Fiscal Woes Drowning Clearwater: Iconic Festival may be Doomed
By Roger Witherspoon
January 18, 2016
Clearwater, the groundbreaking environmental organization founded by Pete Seeger
which spearheaded the drive for the national 1972 Clean Water Act ( http://bit.ly/1ZLkGgp
), is in such dire financial straits that it intends to cancel or relocate its famed Hudson
River Revival Festival and its historic sloop may not be repaired in time for this year’s
The Clearwater (http://www.clearwater.org/ ) board of directors will announce today, in
advance of their scheduled public meeting in Beacon, NY, their decision on the fate of the
annual Revival, which has been held Fathers’ Day weekend for more than a decade at
Croton Point Park. The board decision, without any input from members, is based on
recommendations from Clearwater’s Executive Director, Peter Gross, and senior staff.
Of even more long-term significance is the face that in addition to the festival, Clearwater’s
board is reconsidering the organization’s ongoing involvement in several high-profile
issues, including fracking upstate along the Marcellus Shale, the expansion of the
Algonquin gas pipelines in the Lower Hudson Valley, and the continued operation of the
Indian Point Nuclear power plant some 25 miles north of New York City. Clearwater and
Riverkeeper have been the two key non-profit organizations with the financial ability to hire lawyers and experts to challenge the relicensing of the twin reactors. Their efforts, along with the organizational reach of the volunteer Indian Point Safe Energy Coalition, brought the State of New York into the fight on their side. As a result the relicensing battle, now in its seventh year, is the most expensive and protracted in the nation. And it was a coalition led by Clearwater that pushed the EPA to order the dredging of some 2.65 million cubic yards of muck at the bottom of the Hudson River that was laden with PCBs.
Seeger founded Clearwater at a time when
the Hudson was an industrial sewer, and dedicated the organization to fighting river
pollution and restoring it to environmental health. Scaling back that level of involvement is
causing friction among members.
Gross’ assessment of the financial health of the organization and his views on the 50-
year-old festival and the future of Clearwater activism triggered such a bitter dispute
among core staff that all 46 volunteer members of the Revival Planning Committee, the
Festival Director, the assistant director, the financial director, and the development director resigned en masse at a contention meeting.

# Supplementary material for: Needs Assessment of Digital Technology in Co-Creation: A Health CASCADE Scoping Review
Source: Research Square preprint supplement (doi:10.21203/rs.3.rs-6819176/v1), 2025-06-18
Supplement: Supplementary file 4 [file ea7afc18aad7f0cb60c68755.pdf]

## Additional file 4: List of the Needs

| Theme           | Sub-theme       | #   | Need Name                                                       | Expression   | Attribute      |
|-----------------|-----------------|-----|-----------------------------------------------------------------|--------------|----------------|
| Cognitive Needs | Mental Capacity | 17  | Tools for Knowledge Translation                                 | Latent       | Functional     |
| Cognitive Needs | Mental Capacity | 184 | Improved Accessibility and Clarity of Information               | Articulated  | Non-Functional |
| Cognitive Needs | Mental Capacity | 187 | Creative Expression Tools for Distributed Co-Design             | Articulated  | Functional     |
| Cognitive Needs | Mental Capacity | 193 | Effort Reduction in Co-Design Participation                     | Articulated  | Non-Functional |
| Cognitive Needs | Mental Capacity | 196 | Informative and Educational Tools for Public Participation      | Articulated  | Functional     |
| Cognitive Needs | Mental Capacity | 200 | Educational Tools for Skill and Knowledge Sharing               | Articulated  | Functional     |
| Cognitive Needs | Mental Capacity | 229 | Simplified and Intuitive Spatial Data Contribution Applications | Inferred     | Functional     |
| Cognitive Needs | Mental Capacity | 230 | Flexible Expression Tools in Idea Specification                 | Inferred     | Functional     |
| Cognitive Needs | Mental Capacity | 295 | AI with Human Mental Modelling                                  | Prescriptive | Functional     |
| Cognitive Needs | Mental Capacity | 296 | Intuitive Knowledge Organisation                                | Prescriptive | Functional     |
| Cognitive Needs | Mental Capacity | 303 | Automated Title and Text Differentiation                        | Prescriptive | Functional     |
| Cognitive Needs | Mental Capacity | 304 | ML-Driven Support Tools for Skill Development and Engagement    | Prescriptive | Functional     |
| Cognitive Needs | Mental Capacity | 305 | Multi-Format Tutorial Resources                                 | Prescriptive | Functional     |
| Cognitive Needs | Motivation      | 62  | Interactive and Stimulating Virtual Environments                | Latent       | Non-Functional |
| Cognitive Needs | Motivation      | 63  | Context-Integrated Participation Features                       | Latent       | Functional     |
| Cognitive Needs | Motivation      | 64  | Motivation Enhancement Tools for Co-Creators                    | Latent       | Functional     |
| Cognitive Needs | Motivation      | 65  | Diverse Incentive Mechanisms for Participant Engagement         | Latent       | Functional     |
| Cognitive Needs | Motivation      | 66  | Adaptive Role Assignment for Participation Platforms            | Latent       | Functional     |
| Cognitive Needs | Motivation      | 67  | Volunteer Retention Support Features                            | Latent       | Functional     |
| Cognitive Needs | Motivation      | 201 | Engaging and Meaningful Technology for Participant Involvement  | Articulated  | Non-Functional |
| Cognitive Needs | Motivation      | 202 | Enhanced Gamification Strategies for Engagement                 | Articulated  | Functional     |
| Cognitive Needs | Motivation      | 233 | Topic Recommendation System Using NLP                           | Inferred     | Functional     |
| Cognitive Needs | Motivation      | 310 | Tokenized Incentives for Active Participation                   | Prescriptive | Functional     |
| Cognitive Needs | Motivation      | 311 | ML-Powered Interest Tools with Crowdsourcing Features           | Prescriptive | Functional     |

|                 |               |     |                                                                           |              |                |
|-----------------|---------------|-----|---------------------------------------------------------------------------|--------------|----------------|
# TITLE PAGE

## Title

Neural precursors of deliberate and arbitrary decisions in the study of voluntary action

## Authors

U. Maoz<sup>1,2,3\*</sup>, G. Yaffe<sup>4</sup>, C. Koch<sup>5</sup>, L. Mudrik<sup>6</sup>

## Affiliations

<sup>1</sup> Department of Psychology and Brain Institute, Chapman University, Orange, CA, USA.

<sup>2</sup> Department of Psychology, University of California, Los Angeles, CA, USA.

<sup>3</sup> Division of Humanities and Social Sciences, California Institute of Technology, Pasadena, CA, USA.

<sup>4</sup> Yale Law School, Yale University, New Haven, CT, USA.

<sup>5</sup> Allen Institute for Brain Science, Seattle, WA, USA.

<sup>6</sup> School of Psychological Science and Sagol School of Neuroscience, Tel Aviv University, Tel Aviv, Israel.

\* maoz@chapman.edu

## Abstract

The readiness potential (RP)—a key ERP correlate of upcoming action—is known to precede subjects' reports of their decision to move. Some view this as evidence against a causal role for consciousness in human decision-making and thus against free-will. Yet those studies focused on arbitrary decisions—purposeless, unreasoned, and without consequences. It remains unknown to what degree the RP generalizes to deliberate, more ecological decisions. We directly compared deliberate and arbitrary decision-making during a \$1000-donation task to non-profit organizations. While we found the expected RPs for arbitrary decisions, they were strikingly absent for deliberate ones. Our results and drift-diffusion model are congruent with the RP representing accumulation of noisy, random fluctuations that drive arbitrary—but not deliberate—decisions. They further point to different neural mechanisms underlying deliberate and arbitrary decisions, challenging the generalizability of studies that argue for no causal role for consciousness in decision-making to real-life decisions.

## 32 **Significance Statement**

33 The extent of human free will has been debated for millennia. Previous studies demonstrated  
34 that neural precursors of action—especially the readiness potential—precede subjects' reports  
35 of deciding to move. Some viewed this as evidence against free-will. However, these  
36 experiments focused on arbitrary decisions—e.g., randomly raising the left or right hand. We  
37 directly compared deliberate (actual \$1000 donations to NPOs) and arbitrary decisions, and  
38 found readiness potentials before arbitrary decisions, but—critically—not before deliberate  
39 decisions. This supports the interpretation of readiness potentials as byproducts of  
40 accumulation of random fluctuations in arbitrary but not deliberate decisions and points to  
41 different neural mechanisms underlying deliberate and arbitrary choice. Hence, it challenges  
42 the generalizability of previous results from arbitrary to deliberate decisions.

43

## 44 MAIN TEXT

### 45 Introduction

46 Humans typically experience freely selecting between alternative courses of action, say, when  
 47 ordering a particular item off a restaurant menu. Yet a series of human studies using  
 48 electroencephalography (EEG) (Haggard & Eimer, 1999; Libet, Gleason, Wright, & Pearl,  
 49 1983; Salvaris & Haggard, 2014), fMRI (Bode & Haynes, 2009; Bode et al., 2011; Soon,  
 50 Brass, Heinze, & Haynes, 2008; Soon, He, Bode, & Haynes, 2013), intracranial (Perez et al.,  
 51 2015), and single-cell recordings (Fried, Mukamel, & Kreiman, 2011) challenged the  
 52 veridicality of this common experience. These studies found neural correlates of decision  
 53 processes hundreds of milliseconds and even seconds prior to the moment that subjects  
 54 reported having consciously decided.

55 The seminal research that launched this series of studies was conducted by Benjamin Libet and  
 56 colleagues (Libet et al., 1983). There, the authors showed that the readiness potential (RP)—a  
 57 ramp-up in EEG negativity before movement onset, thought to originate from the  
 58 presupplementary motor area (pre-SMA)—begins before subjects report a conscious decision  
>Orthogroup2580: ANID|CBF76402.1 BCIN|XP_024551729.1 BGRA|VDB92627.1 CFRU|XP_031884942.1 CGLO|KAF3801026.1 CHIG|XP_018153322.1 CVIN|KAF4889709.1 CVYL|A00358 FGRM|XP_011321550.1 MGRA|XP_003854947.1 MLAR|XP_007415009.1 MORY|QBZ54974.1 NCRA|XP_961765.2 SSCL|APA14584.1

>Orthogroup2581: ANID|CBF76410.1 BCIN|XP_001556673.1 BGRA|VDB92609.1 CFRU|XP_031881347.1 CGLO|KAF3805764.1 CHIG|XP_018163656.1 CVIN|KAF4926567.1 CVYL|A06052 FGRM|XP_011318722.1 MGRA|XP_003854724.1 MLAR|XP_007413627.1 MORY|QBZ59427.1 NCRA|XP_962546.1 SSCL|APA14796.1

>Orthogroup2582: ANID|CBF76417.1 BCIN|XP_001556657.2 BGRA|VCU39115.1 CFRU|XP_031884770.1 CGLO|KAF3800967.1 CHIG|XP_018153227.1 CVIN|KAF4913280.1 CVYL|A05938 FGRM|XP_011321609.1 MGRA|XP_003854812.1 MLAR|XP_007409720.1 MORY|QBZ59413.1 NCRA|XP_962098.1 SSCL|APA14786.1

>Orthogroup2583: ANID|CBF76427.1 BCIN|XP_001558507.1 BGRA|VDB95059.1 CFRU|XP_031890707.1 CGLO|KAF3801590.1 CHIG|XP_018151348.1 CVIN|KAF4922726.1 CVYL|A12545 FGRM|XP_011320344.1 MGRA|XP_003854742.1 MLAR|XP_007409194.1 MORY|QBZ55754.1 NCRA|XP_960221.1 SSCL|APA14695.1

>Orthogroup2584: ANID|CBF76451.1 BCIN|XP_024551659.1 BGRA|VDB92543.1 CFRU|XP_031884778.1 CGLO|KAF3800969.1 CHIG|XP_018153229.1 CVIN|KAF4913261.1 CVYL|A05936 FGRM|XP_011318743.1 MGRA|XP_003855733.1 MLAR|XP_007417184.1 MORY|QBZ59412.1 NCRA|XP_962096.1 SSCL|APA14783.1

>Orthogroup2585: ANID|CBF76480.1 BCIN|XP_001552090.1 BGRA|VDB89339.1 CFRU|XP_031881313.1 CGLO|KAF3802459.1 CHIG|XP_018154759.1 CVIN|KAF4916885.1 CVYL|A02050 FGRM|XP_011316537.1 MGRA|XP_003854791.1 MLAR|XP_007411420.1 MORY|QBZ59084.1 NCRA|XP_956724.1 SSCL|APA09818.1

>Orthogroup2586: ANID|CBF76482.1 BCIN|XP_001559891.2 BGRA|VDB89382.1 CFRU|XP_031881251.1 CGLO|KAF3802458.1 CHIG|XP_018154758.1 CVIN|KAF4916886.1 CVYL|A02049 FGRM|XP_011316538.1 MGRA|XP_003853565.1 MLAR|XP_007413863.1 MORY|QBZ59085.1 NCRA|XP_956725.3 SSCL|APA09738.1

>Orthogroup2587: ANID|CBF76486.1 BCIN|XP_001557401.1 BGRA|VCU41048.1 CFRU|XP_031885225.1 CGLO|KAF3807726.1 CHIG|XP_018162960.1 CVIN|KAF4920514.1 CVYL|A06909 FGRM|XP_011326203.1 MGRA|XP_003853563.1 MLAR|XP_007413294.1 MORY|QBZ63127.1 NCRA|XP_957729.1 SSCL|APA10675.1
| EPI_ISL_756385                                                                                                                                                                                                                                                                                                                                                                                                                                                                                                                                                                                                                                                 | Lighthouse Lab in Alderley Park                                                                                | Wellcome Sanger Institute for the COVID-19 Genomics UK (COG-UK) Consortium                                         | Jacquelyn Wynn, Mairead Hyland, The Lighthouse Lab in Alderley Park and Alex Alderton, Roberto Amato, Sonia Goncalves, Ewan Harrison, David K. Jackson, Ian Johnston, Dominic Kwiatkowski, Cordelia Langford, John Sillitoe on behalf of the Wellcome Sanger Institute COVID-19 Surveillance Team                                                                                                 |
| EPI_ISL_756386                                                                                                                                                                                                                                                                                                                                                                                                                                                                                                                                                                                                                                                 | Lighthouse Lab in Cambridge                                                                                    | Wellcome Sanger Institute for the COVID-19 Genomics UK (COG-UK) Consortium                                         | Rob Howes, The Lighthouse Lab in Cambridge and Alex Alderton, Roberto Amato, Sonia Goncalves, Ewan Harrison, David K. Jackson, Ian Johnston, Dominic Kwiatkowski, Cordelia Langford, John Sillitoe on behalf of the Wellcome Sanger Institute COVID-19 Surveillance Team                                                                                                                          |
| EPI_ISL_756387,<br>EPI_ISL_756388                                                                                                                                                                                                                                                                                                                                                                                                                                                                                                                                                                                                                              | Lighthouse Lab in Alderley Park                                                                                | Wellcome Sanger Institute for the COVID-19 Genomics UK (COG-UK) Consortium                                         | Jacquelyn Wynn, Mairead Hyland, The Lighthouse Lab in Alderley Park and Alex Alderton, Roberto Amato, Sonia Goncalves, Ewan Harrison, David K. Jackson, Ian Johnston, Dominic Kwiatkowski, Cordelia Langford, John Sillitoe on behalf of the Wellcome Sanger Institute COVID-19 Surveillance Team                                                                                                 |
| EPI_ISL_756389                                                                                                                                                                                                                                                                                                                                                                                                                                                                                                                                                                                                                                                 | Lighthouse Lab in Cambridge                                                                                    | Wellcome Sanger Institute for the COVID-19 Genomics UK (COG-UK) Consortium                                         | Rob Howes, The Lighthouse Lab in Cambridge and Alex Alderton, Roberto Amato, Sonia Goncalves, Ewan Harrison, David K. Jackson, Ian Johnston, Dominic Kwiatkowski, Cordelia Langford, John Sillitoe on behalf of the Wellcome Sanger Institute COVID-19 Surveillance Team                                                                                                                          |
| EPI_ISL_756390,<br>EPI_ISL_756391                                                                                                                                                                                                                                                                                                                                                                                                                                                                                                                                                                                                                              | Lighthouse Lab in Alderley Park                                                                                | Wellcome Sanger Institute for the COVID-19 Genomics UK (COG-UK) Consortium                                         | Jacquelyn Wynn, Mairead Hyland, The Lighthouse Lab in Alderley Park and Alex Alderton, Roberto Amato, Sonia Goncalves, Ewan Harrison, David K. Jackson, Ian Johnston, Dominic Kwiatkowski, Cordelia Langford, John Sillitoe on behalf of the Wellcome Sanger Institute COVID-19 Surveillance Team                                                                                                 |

This in-house brawl did not become public until this week, when Roy Volpe, who has
coordinated the “Activist” area of the festival for more than a decade, sent out an email to
former participants explaining the dissidents’ view of the dispute. Volpe, who declined to
elaborate on his letter, wrote that “the Executive Director, along with the board, has
planned a festival in Beacon and is calling it the Great Hudson River Revival. He also told
us that we would never go back to Croton again. This is NOT Revival and we think that
not going back to Croton is ridiculous and that using the same name for this event turns its
back on nearly 50 years of tradition.
“All this is being done with no input from the membership. In addition to this, the Director
has voiced his opinion that Clearwater should not spend its time on issues, including
Indian Point, fracking, global warming, and the Algonquin Pipeline, all of which Toshi and
Pete Seeger opposed....”
Among those surprised that the Festival may be cancelled is Croton on Hudson Mayor Dr.
Greg Schmidt, who said “it’s a great event in our local community. It’s like an institution in
our back yard that has been here for many, many years.”
Schmidt, who did not know of the loss until informed by a reporter, said there is a
significant monetary impact on the town since there are more than 1,000 volunteers
involved setting up the festival who are spending money on food and supplies in Croton.
More importantly, he said, “it is an institution. An event like that doesn’t happen all the
time, and it creates a community of its own. Residents have been volunteering at the
Festival for years.”
Gross said in an interview that the ire against him is misplaced The final decision as to the
fate of the Festival rests with the board of directors, which has been discussing the issue